Tire drive trainers tend to feel less realistic than direct drive trainers anyway, but magnetic resistance units also tend to have a less natural push-pull feel. The physics are different for magnets, and they're not as excellent of an approximation as fluid (or electronic/controllable-smart, of course). The FDW is no exception here. It has a too-smooth feel that you can easily spin out against. You don't feel the inertia of the road; you feel either very limited resistance at the lower resistance level or too much at, the higher level as you manually adjust the resistance up or down. As we say for this trainer, "any port in a storm," it will certainly get you on the bike and spinning inside without hurting your bank account, but it's basic.
Design is an area where we have some qualms. One qualm, really. It's in the fastener that locks the rear axle in place. A grooved plastic sleeve helps the bolt tighten and lock. The FDW's sleeve and bolt don't fit together very well, so getting the bolt to lock was a huge pain. But for the mission of bringing this review to you, we would have packed that baby up and sent it right back.
Otherwise, the design is pretty streamlined. The resistance unit is fairly basic, using magnets to give you eight resistance levels. You don't get the same smooth, gradual feel you might get with a fluid unit, but it's nice to be able to control the resistance if you want.
A major selling point of the FDW is that it's effortless to set up and doesn't take much time. It's not exactly plug-and-play, but it's not far off. Instructions for assembly are included, and so are the tools to get you there.
The hardest part is getting the bolt into the resistance unit, but a little frustrated jiggling and teeth clenching should do the trick. It's unavoidable with tight fits like this, and you get that for most tire drive trainers where you're assembling the resistance units.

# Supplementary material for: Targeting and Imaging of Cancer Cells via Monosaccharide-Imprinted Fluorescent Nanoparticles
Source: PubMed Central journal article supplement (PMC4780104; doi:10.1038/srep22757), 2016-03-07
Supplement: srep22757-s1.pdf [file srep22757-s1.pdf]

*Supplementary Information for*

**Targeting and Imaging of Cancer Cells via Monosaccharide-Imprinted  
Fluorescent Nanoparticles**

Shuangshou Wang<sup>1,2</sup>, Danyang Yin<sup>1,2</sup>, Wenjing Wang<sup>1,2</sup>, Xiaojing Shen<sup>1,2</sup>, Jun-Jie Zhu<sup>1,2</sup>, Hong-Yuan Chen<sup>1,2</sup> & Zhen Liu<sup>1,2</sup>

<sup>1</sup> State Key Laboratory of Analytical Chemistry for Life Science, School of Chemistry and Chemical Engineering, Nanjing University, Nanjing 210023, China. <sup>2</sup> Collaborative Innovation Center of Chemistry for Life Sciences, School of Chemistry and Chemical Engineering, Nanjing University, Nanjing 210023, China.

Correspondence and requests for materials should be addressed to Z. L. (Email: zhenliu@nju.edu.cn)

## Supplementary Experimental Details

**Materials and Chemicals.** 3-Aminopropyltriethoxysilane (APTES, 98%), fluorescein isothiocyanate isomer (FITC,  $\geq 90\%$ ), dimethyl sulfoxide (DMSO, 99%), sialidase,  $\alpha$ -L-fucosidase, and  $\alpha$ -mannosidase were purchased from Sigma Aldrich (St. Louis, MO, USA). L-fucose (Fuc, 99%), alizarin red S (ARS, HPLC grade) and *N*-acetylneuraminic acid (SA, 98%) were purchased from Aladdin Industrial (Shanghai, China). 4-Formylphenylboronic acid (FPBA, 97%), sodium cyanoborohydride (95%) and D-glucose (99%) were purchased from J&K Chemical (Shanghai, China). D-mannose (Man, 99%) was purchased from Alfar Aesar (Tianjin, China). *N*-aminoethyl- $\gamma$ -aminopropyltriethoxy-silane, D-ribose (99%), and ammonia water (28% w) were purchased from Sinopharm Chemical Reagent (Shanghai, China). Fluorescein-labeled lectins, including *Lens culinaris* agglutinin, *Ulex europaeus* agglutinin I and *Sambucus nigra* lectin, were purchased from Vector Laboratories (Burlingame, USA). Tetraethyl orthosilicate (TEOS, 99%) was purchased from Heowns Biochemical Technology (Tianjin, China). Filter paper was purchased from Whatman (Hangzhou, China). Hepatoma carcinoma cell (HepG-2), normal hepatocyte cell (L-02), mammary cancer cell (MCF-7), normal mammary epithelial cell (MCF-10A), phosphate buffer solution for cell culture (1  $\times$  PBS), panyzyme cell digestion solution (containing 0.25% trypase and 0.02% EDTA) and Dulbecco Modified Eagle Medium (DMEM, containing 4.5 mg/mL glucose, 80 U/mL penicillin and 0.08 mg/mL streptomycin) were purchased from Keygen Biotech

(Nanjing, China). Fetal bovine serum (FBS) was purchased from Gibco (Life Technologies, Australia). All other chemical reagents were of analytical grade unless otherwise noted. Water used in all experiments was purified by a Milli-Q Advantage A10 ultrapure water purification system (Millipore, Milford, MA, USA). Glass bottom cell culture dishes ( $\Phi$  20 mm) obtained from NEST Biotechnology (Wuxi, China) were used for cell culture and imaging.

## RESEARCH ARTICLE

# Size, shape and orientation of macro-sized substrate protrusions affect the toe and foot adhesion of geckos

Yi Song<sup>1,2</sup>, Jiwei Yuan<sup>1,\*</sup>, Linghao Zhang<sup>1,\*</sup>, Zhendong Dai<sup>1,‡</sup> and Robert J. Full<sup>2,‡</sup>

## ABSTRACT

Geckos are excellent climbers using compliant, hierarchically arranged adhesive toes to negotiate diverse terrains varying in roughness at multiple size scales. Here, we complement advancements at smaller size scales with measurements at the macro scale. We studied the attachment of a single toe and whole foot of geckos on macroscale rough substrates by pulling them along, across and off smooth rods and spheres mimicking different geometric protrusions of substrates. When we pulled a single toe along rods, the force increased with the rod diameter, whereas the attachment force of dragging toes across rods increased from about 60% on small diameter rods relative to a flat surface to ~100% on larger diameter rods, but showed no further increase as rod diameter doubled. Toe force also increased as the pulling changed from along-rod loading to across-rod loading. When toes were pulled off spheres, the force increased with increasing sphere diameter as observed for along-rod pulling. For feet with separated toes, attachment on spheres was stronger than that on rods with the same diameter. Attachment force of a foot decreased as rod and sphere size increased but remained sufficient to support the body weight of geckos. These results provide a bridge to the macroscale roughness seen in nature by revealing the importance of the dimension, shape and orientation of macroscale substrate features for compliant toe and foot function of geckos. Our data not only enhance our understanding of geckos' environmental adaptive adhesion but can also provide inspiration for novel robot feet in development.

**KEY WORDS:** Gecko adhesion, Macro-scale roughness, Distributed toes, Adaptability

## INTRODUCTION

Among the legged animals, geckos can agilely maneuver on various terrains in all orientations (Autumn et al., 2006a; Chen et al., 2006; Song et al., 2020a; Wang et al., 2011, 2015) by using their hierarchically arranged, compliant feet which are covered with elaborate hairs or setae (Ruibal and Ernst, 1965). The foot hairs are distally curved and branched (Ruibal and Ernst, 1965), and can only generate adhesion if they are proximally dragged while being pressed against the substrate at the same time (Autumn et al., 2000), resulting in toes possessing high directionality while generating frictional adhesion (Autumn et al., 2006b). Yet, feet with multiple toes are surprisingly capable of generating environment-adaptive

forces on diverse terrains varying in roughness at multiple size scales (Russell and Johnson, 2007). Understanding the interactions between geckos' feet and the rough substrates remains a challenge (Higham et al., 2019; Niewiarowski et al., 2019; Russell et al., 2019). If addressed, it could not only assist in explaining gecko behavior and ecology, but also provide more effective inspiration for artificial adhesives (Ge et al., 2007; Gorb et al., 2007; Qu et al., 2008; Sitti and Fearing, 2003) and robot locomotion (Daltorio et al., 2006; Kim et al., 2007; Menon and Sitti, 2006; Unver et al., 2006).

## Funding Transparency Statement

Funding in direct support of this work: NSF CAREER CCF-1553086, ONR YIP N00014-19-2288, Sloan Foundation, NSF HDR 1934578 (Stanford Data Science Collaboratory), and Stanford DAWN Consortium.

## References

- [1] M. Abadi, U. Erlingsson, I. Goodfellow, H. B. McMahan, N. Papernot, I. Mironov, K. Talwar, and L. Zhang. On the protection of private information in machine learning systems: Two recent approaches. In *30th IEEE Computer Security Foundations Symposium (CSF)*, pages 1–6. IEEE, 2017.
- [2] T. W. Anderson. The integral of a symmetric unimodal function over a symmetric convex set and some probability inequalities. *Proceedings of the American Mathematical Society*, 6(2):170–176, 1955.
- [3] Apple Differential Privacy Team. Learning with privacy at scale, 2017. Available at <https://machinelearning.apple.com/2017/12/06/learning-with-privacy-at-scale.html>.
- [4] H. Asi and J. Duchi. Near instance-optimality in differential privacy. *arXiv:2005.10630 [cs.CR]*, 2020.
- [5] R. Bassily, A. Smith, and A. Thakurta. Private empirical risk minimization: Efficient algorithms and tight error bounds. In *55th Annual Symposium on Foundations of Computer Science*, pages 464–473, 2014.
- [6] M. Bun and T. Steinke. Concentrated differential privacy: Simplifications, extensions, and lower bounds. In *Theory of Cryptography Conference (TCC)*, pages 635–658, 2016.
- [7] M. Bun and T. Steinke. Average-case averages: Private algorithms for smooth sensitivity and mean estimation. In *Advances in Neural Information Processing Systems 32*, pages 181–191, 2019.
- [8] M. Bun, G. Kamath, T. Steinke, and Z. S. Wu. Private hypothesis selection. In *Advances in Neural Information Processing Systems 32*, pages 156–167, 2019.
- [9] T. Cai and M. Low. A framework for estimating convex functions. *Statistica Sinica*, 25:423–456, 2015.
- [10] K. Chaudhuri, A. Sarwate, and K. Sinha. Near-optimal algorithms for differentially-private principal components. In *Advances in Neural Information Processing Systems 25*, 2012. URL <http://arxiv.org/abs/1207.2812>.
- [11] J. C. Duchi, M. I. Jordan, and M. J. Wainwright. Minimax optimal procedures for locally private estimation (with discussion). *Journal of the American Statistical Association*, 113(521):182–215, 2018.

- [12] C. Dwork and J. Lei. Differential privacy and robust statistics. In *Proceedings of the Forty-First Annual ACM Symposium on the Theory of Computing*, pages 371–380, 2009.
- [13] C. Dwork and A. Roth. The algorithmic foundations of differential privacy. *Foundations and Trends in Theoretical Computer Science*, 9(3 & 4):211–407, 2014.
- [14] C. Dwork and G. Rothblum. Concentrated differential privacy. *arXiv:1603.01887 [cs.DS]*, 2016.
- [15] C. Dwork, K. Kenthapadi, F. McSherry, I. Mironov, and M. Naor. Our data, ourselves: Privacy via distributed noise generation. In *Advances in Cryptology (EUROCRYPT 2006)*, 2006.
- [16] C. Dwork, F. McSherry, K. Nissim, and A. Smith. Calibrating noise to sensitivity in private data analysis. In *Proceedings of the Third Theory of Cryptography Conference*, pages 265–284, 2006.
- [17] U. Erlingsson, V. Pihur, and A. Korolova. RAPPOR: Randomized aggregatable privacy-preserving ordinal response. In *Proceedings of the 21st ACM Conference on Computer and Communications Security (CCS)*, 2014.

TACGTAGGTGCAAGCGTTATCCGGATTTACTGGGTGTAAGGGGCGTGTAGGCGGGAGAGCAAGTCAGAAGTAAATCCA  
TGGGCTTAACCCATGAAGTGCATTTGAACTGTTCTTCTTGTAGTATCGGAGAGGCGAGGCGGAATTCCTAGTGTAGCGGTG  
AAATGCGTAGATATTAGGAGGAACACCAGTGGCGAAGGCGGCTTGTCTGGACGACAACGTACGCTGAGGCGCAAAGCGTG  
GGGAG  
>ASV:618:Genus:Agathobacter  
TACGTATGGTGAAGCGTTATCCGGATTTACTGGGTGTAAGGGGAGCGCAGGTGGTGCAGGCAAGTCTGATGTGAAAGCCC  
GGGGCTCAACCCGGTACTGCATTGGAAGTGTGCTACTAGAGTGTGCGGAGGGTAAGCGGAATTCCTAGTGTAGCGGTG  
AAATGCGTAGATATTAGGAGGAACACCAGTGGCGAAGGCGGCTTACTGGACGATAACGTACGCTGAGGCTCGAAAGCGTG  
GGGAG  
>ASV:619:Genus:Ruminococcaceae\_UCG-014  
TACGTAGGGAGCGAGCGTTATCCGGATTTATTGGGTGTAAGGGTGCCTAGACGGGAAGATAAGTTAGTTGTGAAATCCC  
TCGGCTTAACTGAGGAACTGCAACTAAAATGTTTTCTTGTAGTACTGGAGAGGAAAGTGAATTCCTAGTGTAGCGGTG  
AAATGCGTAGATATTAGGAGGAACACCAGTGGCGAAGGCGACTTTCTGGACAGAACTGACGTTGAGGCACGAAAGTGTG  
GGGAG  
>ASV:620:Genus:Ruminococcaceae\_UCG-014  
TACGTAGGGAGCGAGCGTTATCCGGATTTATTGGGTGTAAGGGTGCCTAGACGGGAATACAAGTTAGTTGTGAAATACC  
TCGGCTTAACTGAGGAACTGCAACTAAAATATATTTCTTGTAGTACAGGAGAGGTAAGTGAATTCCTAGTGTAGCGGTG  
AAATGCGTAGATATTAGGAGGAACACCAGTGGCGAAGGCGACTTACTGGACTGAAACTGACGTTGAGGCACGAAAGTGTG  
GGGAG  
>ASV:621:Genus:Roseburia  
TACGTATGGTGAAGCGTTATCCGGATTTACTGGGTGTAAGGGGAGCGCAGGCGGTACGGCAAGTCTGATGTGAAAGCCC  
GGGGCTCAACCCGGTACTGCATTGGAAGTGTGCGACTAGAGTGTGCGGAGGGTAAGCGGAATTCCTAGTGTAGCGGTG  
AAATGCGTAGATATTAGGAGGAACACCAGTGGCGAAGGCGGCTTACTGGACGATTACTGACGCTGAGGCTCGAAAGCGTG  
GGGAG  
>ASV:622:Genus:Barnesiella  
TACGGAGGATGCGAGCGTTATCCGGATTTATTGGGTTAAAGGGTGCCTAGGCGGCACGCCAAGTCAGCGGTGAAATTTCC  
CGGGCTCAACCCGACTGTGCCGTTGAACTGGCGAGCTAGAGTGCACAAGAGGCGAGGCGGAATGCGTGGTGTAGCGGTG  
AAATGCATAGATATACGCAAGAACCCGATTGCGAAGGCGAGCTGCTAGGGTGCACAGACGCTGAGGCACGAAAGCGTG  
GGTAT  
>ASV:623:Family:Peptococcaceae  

Once you have everything in its proper place, all of your bolts, screws, and knobs, you're ready to throw the new skewer with the rounded acorn nuts on the bike and get the axle locked in. Here's the area where we had the biggest complaint about the model because the FDW's plastic locking shaft split and wouldn't tighten down until we did a lot of serious man-handling and improvising. Eventually, we got it to tighten down and hold the frame upright.
From there, you only need to tighten the resistance unit up against your rear tire so that there's just enough tension that your tire doesn't slip when you give it a little gas. Once you've done that, grab the cable with the shifter and attach it to your handlebars, and you are ready to go.
Portability is the primary area where this trainer excels. It's easy to pack up and put away when not in use. It folds into a small footprint so you can stash it in the corner, closet (don't forget about it in there!), under your bed, or even in a suitcase for travel. If your Tetris-packing game isn't top-level, you can remove and store the resistance unit separately from the base.
Should You Buy the FDW?
If your goal is just to set up an at-home training gym and you want to spin your legs with a bike you already own, the FDW might fit your needs. However, if your goal is to train seriously or improve your skills or endurance, we think there are much better options to consider. However, if budget is a concern or you want something that works, it is serviceable but can't come near the performance of higher-priced options.
What Other Bike Trainer Should You Consider?
No matter your goals, we suspect almost any trainer in this review would be a better fit than the FDW. If your wallet is limited, we like the Saris Mag+ and feel it offers more bang for the buck than the FDW. We would also recommend the Zwift Hub, which is a little more expensive with high-performing features. While many times the price, we think what it provides is worth the added expense. If your budget can stretch some, then the Kinetic Road Machine Control is a good middle-of-the-road option with a lower price tag than the highest-end options.